NBA: Hornets season delivered wins, hopes
By Brett Martel
NEW ORLEANS ó Glum economic forecasts greeted the Hornets upon their return to New Orleans following a two-year displacement forced by Hurricane Katrina.
George Shinn, the teamís majority owner, said his accountants initially projected the franchise would run a deficit of about $20 million this season, but he was determined to do right by a city recovering from the worst natural disaster in American history, then hope for the best.
Players, coaches and team employees had misgivings about moving back to the Big Easy from Oklahoma City. Seeing a half-empty New Orleans Arena back in November and December didnít help.
iWhen we first came here, so many writers and reporters were saying it wouldnít work, we didnít have chance and I was stupid,î Shinn recalled Tuesday, the day after the Hornetsí season ended with a Game 7 loss to the defending champion San Antonio Spurs in the Western Conference semifinals.
The nay-sayers, it turned out, failed to account for the way an exciting young team, led by an emerging superstar in Chris Paul and fellow first-time All-Star David West, could galvanize a community.
The Hornets set a franchise record with 56 regular season victories en route to a first division title. A first-round playoff series triumph over the Dallas Mavericks followed before the season came to a tearful end Monday night.
There was more. Even while residents bemoaned the cityís struggles with crime and a lack of progress in some neighborhoods that remain largely deserted disaster zones more than two years after the storm, Hornets players never wavered from a message of hope.
They incorporated the cityís fleur-de-lis symbol in their uniforms, a sign of solidarity with recovery efforts, then spent hundreds of hours at rebuilding projects across town.
In between pounding opponents on the court, they pounded nails with Habitat for Humanity, rebuilt playgrounds, refurbished school libraries and met with children.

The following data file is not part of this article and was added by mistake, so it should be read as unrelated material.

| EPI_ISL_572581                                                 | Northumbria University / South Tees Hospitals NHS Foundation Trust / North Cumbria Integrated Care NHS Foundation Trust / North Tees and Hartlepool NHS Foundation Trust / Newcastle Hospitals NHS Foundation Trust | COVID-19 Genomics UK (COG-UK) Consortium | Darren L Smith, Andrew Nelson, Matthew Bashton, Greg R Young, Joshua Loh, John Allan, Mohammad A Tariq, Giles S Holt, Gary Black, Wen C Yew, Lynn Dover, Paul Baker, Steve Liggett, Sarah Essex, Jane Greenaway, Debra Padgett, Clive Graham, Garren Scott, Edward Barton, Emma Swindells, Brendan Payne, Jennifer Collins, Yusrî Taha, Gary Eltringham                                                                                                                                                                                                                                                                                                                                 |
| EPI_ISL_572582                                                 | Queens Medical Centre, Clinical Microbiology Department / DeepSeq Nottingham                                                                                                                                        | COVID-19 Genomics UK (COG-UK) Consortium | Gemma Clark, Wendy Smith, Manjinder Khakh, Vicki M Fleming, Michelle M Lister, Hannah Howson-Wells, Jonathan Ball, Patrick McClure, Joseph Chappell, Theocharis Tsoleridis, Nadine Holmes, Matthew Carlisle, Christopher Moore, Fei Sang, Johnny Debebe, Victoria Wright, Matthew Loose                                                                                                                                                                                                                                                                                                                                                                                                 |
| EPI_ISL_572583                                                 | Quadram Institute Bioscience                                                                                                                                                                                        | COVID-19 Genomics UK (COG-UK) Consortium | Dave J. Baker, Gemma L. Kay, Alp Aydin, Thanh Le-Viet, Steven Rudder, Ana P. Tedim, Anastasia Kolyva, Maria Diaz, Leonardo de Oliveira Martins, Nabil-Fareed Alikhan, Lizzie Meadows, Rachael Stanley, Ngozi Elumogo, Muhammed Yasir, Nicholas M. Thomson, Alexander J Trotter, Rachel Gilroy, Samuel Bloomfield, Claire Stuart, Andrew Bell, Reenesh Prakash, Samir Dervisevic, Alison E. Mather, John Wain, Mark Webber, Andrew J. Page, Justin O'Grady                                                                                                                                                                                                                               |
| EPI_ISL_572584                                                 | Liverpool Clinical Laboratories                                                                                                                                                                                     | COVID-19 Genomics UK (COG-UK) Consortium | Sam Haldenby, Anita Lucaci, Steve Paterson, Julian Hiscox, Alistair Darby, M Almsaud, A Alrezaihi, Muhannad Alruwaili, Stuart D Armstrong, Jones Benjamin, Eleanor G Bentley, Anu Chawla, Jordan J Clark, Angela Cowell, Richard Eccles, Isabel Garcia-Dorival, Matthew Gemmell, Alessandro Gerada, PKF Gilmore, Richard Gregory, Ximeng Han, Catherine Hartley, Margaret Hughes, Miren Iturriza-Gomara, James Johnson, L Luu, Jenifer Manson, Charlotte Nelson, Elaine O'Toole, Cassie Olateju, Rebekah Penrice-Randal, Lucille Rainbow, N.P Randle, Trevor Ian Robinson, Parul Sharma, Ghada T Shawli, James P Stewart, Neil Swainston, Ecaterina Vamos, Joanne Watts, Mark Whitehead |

The entire NBA pitched in when New Orleans hosted the All-Star game, and by the second half of the season, big crowds at the arena were a common sight, as were Hornets jerseys being worn around town.
The last 13 Hornets home games were all sellouts. Shinn said the Hornets far exceeded revenue goals and might have broken even.
iNow you wouldnít find one player whoíd rather play somewhere else,î Shinn said. iOur staff has been uplifted by all of this, and weíre really at stage for us to do something great next year. I believe it, really. I feel it in my bones.î
During the playoffs, the Hornets launched a season ticket drive, achieving a 90 percent renewal rate while selling an additional 3,500.
The Hornets will need the resulting revenue boost. Paul, with only one season remaining on his contract, is expected to get a lucrative extension as early as this summer.
iWeíll step up and do what weíve got to do to keep him,î Shinn said. iHeís the best point guard in the NBA and one of top franchise players.î
Paulís averages of 21.1 points and 11.6 assists per game made him a bona fide MVP candidate; he finished second in voting behind the Los Angeles Lakersí Kobe Bryant.
This year, the Hornets fell just short of getting past the conference semifinals for the first time in the franchiseís 20-year history.
iEvery great team has to go through things like this,î Paul said. iThe make of our team is special. We really play for each other.
iThe City of New Orleans ó I think our hats go off to them. They made this season unbelievably special for us.î
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